Spider-Man: No Way Home
- Directed by: Jon Watts
- Action/Adventure | PG-13 | 2 hr 28 min
- Exclusively in Theaters
By Reed Ripley
With the sheer mountain of hype enveloping Spider-Man: No Way Home, it should have been impossible to exceed expectations, but somehow, someway, it happened.
In Tom Holland’s third go as Spider-Man, the character grapples with the fallout from a public reveal of his identity as Peter Parker, formally an unassuming kid from Queens, now an international inflection point for the merits of vigilantism and superhero accountability. Desperate to stop his decisions from affecting his friends’ lives, Peter asks Dr. Strange (Benedict Cumberbatch) to magic away the memory of Spider-Man’s identity. But the spell goes wrong and opens pathways to other universes (and other villains), and Peter, with the help of MJ (Zendaya) and Ned (Jacob Batalon), must clean up his mess and grapple with what it truly means to be Spider-Man.
In comic book parlance, “events” are important story arcs that have significant ramifications for the characters involved and the status quo of the comic universe. These are highly anticipated runs which serve as mileposts for comic book history and engender debate and enthusiasm. Spider-Man: No Way Home is an “event” specifically tailored to, and crafted from, a cinematic experience; yes, it draws broadly from certain comic book storylines (e.g., Spider-Man’s “One More Day”), but unlike something like the Infinity Saga, there is no direct comic analogue to NWH’s storyline. This is a “comic book movie” (as opposed to a “superhero movie”) through and through; it captures that sweeping sense of adventure, emotion, and pure fun unique to comics, and it’s a joy to see.
That they pulled this off is astounding, because this flat out should not have worked. In prior failed Spider-Man movies (or at least those that didn’t completely work), the main issue was Too Many Villains (Spider-Man 3, The Amazing Spider-Man 2) which inevitably devolved into convoluted messes. NWH doubles down on the villain problem and casually sprinkles in the concept of the multiverse, and it does so in a coherent enough way that people jumping into the Marvel machine for the first time can keep up. There are so many characters flying around, but the story remains grounded on Peter, and it just works. Multiversal implications aside, it’s really about a kid becoming a young adult and all the complicated emotions wrapped up in that transition, a universal experience anyone can understand.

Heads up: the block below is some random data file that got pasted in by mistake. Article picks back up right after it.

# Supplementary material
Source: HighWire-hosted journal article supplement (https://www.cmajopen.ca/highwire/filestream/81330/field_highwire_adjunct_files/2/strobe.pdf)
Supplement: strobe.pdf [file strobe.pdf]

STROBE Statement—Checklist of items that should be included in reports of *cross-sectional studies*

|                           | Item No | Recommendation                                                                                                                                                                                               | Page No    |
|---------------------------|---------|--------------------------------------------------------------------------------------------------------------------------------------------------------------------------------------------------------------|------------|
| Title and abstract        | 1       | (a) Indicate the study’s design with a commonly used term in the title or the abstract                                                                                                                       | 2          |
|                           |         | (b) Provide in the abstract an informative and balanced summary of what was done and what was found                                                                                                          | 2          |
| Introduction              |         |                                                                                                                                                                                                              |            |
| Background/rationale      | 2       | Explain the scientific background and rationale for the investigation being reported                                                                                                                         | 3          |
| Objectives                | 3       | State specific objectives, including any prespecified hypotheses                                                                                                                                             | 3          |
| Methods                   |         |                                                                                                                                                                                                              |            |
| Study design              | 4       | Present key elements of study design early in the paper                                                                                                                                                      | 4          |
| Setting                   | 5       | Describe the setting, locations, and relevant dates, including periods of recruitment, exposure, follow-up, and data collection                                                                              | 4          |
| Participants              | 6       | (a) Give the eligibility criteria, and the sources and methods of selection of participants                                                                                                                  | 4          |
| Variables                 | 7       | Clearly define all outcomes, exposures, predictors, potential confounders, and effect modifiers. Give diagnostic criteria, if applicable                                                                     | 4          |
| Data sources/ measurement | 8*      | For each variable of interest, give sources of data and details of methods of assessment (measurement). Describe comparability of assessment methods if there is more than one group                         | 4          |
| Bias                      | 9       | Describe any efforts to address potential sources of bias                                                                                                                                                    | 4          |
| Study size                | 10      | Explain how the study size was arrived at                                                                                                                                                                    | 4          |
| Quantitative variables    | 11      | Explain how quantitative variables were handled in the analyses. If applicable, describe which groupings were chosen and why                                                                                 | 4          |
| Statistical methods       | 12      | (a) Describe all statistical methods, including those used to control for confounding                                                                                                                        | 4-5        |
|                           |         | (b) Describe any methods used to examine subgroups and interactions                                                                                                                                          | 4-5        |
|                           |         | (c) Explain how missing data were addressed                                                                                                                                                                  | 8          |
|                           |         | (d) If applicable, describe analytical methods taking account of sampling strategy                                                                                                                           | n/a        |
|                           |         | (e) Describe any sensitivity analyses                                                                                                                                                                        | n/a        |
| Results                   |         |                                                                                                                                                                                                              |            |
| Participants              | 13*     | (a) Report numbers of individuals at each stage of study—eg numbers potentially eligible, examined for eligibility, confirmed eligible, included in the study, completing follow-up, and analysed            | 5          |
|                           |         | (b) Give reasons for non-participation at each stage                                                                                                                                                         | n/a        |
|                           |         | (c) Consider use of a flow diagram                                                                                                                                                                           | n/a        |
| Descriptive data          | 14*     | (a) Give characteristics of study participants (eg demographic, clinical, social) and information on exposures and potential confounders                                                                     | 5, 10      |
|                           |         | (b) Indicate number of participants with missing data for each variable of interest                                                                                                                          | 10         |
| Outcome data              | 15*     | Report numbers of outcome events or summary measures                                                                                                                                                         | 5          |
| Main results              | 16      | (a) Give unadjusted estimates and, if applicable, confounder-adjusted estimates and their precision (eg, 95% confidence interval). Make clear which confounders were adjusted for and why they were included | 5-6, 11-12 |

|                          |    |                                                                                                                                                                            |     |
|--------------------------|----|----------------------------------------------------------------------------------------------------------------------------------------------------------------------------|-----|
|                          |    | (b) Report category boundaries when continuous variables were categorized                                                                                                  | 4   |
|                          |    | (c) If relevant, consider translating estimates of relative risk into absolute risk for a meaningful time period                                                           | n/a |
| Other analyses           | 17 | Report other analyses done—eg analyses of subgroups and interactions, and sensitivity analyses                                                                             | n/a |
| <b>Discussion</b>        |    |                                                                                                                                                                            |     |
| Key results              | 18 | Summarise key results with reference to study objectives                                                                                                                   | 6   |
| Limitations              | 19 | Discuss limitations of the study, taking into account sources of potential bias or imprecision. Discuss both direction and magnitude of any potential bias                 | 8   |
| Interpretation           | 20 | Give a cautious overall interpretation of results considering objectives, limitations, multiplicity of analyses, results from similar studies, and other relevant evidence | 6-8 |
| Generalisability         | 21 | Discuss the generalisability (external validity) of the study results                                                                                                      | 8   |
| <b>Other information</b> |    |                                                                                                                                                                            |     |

The comic book plot machinations, and the requisite Marvel interconnectivity, are all there for those who want them, but what separates this from standard genre fare is its range of emotion and the actors who make it happen. The too-many-villains problem doesn’t factor in because incredible actors like Alfred Molina, Willem Dafoe, and Jamie Foxx give excellent performances within extremely tight windows of screen time. Everyone knows exactly what film they’re in, and exactly how to inhabit each character, and, more importantly, the writers knew the same.
Villains aside, the film is still called “Spider-Man,” and it wouldn’t stand a chance without Holland, who delivers his best performance in the role to date. He’s the beating heart of the movie and a shining totem of why Spider-Man is such a popular character. He’s smart, but not in an alienating way; he’s not rich; he’s not a god. He’s just an earnest, wise-cracking, friendly neighborhood kid who desperately wants to be normal, yet always answers the call, and Holland absolutely nails it.
As at least three multiversal versions of Peter’s relatives said, “with great power comes great responsibility,” and with a property like Spider-Man, it’s great to see the filmmakers took that phrase to heart.
Reed Ripley is a movie aficionado who in his spare time is a local attorney. You can find Ripley’s movie reviews on Instagram @mct.film.